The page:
Oct 7, 2008

Laodiceanism: The End of a Cycle

By Gary Stearman

It is said that we live in the days of the Laodicean church, in a material culture that places its trust in money, pharmaceuticals and the government, rather than God. True spirituality has cooled, and is likened to an unappetizing lukewarm beverage that is fit only to be rejected in disgust. With this image in view, how do we, as modern believers, measure ourselves and our world?

The most all-encompassing and objective panorama of the church – the body of Christ – is found in the second and third chapters of Revelation, where the Seven Churches of Asia Minor prophesy the succession of victories and catastrophes that will chart its future course. Its destiny falls far short of the idealized and victorious body often visualized in homilies and sermons. Even the most cursory reading of this amazing prophecy reveals that from its very beginning, the age of the church was destined to experience many detours and pitfalls.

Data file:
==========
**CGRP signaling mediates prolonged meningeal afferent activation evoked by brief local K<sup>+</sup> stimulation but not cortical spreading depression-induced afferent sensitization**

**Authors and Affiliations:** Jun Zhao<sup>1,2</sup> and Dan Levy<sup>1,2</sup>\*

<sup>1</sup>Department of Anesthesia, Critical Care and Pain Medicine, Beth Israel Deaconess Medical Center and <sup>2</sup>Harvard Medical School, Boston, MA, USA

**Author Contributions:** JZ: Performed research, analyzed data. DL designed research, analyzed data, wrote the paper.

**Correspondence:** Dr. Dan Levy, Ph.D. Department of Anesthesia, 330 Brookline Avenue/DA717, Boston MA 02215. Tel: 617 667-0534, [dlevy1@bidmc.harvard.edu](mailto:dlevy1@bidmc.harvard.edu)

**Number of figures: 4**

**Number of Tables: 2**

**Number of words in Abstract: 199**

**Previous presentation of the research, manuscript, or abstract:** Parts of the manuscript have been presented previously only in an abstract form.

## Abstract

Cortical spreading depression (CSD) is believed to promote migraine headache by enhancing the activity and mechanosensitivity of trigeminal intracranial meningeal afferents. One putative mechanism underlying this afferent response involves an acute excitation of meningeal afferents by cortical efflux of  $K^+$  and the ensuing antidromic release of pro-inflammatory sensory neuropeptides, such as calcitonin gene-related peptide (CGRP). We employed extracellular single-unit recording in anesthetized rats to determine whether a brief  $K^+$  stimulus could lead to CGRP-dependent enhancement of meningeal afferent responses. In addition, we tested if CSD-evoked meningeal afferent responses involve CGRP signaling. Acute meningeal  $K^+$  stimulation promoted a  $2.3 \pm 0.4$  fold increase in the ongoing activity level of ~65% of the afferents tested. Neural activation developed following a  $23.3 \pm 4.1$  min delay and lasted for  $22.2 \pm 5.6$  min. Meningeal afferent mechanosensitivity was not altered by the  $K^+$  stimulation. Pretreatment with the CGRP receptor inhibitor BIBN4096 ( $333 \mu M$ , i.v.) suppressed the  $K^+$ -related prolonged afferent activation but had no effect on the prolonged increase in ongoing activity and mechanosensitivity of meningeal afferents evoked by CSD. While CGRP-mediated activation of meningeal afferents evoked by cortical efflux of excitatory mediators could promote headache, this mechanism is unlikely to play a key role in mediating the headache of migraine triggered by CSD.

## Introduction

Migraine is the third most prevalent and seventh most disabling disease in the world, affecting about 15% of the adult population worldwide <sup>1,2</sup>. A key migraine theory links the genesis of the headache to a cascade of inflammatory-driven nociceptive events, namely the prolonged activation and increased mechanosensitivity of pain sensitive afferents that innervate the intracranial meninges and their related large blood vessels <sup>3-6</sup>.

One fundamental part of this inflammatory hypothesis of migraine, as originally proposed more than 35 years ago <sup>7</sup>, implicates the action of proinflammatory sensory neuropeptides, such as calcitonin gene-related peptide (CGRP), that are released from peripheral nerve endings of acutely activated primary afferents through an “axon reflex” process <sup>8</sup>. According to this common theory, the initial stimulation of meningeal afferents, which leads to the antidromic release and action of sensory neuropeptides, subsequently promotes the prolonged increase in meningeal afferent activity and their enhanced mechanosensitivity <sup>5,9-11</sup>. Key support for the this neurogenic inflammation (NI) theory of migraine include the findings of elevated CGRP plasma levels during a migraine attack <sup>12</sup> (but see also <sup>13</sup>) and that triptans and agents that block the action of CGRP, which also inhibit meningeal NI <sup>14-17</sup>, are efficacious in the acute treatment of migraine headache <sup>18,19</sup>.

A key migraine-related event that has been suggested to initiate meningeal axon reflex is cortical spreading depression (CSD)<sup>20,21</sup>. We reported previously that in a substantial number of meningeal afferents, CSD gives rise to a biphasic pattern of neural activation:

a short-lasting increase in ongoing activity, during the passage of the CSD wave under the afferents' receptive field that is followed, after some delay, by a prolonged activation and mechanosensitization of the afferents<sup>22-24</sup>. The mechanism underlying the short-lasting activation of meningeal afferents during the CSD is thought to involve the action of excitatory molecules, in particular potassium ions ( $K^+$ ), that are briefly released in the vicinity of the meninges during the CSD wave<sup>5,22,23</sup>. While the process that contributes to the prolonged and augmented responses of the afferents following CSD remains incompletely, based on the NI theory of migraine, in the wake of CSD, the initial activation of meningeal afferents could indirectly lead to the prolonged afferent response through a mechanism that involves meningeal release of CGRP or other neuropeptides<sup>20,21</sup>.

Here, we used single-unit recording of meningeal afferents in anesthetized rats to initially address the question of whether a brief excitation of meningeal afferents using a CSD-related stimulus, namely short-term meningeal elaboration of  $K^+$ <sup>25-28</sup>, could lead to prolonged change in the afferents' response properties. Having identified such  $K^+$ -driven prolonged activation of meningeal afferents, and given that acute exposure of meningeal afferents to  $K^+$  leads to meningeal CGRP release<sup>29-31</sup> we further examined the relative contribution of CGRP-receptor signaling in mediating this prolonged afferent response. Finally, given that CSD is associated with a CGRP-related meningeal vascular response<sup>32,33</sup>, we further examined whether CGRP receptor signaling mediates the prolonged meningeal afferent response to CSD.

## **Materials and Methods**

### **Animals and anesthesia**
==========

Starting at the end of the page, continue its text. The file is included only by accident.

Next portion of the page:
It is a procession of church types that begins with the Apostolic zeal of Ephesus, and ends with the indulgent dissipation of Laodicea, where we find a congregation totally consumed by devotion to worldly wealth. Knowing in advance that this would be the case, why would the Lord ordain a church that so quickly fell into lockstep with the world, in what seems to be a failure of the Gospel?

Based upon the natural assumption that the role of the church is to spread the Gospel, this is a legitimate question. But as in every other case where the Bible poses a question, it provides the answer. It is found in the early prophetic doctrines of the Apostolic period. Their careful teaching provides the obvious answer to this question.